05:44 GMT12 April 2021
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    When the Pentagon developed the B-2 stealth bomber, senior officials said that the armed forces had not been “open enough,” but never revealed what lessons they learned from their mistake. For the Pentagon’s next big budget item, the B-21, officials hope to avoid making the same error.

    "We have to do better, but we can’t go too far," Lt. Gen. Arnold Bunch said Thursday at a conference outside Washington DC. 

    Bunch did not mention what material efficiencies were lost by keeping the B-21 stealth bomber secretive to foreign intelligence agencies, but he did say that for this project the service will remain "tight-lipped" about the program —  just maybe not as much, Defense Tech reported. 

    "One of the things we did find out on the B-2 was we weren’t open enough," Bunch noted. Nevertheless, "with where we’re at today, I don’t see releasing anymore details for a period of time," the lieutenant general said.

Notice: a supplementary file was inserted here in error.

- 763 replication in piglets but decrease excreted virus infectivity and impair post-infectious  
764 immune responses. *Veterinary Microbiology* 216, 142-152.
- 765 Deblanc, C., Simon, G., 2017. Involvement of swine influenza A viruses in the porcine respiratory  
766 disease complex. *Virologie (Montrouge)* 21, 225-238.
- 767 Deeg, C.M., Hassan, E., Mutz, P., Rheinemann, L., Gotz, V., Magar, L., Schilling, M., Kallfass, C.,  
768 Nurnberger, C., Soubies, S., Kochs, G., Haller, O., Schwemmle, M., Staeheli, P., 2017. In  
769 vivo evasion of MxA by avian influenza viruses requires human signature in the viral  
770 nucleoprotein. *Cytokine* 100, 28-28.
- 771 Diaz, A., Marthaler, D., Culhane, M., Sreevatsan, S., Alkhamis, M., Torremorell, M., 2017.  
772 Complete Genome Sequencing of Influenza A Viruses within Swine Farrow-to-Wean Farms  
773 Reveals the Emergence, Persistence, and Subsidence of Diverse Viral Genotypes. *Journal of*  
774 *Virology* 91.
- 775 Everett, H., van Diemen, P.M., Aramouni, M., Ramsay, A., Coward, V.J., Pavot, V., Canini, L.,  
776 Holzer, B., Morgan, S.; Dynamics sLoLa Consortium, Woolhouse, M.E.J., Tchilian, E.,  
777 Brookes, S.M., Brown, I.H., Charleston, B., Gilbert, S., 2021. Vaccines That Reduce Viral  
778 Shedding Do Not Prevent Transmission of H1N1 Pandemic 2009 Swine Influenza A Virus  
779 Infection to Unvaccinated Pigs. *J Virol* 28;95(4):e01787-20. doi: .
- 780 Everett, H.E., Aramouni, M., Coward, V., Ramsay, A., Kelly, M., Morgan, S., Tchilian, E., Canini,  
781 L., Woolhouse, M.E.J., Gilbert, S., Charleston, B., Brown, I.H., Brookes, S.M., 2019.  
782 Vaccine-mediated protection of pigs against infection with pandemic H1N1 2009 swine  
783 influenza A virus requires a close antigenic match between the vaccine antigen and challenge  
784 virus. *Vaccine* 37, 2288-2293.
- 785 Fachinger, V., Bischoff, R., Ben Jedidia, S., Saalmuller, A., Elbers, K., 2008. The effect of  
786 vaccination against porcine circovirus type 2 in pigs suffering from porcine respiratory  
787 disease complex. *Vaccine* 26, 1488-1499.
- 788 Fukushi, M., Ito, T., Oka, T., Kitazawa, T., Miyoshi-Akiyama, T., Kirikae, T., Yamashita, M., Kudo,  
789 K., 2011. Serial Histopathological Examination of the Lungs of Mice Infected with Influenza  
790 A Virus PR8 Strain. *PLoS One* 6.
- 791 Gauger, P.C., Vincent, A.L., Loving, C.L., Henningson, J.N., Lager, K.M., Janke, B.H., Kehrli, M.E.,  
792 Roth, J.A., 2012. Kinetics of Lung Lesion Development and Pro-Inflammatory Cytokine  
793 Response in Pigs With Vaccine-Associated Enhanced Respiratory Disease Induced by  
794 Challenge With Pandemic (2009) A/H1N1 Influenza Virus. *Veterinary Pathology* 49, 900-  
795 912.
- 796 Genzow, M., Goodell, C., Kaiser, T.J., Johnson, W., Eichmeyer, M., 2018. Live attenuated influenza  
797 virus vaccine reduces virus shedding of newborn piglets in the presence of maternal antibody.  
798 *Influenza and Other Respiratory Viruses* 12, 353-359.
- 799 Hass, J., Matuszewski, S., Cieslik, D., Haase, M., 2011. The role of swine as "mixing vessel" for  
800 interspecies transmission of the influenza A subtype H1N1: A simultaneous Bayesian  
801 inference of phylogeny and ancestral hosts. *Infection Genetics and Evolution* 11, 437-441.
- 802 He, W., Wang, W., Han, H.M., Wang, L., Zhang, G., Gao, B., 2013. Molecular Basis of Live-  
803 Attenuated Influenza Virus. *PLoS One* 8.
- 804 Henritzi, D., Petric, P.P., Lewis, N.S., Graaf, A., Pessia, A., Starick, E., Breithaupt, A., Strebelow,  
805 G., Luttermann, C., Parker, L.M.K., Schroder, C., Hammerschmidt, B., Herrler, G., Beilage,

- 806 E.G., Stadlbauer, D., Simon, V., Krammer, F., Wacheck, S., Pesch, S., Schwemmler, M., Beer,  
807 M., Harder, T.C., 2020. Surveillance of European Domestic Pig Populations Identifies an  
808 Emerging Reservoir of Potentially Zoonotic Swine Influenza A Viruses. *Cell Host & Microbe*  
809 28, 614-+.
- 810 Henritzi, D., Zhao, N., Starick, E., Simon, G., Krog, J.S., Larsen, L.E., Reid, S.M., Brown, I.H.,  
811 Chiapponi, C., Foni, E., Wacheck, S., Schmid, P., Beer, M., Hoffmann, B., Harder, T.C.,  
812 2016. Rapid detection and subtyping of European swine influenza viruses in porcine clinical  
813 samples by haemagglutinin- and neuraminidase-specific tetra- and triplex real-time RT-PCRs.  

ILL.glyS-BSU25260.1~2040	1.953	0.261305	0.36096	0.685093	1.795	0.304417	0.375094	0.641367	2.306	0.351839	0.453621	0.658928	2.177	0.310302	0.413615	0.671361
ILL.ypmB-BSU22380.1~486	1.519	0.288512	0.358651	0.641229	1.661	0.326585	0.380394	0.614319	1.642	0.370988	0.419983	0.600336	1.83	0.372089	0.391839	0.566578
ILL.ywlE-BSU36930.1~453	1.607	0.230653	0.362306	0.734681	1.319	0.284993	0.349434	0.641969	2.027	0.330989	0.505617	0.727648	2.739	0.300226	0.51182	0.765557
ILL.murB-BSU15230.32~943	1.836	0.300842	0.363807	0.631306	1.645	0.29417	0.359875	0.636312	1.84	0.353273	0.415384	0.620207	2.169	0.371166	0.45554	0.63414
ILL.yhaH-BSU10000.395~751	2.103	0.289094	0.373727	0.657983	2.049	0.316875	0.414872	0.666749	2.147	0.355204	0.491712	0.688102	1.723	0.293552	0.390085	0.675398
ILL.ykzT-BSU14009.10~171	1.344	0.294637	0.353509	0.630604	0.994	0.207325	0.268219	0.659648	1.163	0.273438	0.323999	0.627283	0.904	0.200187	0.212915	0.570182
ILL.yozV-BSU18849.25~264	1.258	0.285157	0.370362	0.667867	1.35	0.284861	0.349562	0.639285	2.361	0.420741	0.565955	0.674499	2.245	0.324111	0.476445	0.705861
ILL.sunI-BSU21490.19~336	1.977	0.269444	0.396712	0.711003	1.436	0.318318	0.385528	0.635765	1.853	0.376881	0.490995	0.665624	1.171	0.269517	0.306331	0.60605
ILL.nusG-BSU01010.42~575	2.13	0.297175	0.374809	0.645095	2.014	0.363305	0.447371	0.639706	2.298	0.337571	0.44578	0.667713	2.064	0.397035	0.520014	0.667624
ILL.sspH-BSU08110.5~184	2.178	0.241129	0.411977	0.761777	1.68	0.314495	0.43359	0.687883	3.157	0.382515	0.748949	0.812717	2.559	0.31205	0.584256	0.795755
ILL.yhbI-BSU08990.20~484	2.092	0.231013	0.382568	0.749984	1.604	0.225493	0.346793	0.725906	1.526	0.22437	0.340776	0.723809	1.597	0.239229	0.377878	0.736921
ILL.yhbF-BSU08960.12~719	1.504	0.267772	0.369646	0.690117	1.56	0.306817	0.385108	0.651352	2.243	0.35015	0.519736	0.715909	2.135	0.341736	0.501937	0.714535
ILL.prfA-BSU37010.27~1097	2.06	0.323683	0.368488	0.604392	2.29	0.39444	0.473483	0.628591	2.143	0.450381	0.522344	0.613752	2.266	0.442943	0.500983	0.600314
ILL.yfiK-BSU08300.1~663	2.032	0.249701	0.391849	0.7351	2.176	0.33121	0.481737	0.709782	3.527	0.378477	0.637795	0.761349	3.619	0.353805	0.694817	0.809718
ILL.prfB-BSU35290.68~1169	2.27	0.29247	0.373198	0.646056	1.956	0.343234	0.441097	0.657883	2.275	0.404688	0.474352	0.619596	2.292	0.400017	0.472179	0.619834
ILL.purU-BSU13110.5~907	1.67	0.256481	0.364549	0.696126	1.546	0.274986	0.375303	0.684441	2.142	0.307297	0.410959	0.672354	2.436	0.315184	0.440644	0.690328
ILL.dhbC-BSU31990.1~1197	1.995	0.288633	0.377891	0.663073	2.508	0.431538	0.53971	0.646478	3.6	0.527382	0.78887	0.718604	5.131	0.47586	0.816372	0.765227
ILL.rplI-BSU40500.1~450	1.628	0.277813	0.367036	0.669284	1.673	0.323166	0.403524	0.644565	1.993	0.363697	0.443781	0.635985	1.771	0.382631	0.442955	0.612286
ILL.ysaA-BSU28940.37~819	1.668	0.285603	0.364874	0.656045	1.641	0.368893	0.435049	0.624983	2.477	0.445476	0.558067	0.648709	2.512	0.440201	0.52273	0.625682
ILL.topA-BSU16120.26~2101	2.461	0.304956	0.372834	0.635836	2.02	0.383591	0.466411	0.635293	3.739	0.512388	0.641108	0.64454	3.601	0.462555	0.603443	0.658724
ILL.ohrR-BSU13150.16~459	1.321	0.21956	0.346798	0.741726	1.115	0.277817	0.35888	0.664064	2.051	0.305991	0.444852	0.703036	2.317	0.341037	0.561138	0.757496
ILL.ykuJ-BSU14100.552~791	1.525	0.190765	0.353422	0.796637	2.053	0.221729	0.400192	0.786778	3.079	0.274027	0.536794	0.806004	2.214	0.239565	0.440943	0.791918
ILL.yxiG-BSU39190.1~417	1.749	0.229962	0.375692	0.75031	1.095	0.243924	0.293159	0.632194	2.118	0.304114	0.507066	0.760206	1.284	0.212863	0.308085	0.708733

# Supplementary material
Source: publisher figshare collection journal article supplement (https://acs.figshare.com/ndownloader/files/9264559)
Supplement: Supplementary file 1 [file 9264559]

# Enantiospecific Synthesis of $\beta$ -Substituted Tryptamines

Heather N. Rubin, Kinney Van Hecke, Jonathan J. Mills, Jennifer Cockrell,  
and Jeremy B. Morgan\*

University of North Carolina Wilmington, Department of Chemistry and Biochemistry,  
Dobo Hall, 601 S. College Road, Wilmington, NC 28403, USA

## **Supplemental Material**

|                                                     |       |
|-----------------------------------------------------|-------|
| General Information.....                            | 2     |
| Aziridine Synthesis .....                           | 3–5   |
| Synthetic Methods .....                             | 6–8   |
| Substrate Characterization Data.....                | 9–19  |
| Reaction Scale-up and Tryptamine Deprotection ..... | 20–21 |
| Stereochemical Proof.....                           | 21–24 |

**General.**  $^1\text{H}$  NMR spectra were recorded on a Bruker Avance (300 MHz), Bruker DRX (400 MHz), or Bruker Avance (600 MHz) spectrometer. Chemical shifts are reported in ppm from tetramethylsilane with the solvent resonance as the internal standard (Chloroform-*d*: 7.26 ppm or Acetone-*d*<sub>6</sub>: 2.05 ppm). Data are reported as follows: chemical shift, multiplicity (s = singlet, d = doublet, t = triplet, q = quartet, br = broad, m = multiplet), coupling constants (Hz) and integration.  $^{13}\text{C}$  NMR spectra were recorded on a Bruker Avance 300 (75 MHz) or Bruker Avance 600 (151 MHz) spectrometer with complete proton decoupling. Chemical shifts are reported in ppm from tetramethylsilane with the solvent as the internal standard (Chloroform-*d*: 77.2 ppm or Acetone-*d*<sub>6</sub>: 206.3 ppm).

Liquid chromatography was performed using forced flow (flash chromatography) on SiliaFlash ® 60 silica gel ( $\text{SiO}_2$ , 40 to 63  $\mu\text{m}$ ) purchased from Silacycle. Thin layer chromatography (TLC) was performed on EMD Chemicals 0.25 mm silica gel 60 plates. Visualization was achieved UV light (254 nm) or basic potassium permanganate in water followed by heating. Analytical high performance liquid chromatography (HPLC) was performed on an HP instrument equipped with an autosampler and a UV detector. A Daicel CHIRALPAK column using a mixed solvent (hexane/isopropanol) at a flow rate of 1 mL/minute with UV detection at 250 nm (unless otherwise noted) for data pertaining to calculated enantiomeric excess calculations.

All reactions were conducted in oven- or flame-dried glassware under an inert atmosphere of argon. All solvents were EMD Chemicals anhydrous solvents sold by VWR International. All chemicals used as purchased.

Issues previously arose regarding the secrecy, or lack thereof, with the stealth bomber program the Pentagon hopes will enter service by the mid-2020s. The size of the total contract awarded to defense contractor Northrop Grumman has also com under scrutiny for the Pentagon’s eagerness to maintain a hush-hush attitude. 

    "The Air Force has already told our enemies what each plane costs, what it looks like and who is making its most important components," Senator John McCain wrote in a War is Boring open letter. This "would seems to be more useful" for foreign intelligence agencies "than the overall contract value," McCain said. 

    "I hate the stuff that shows up in the press," Gen. John Hyten of US Strategic command said of the information published detailing the enormous cost estimates of the program. "If you put a cost estimate out in the press, it’s not only our adversaries that are looking at it, but the people that are going to build the system are looking at that."

    The Congressional Research Service has indicated that the "average procurement unit cost" has been estimated at $550 million per bomber in fiscal year 2020 dollars. The winning bid for the plan ended up at an "equivalent of $564 million in FY2016 dollars."

    According to a Defense Tech report, Northrop Grumman beat out Boeing to secure a contract worth $21 billion, but that the figure could easily double. Pentagon officials have promised a "critical design review" of the Air Force program but have yet to share when the review would take place or how long it would take to complete, Defense Tech noted. 


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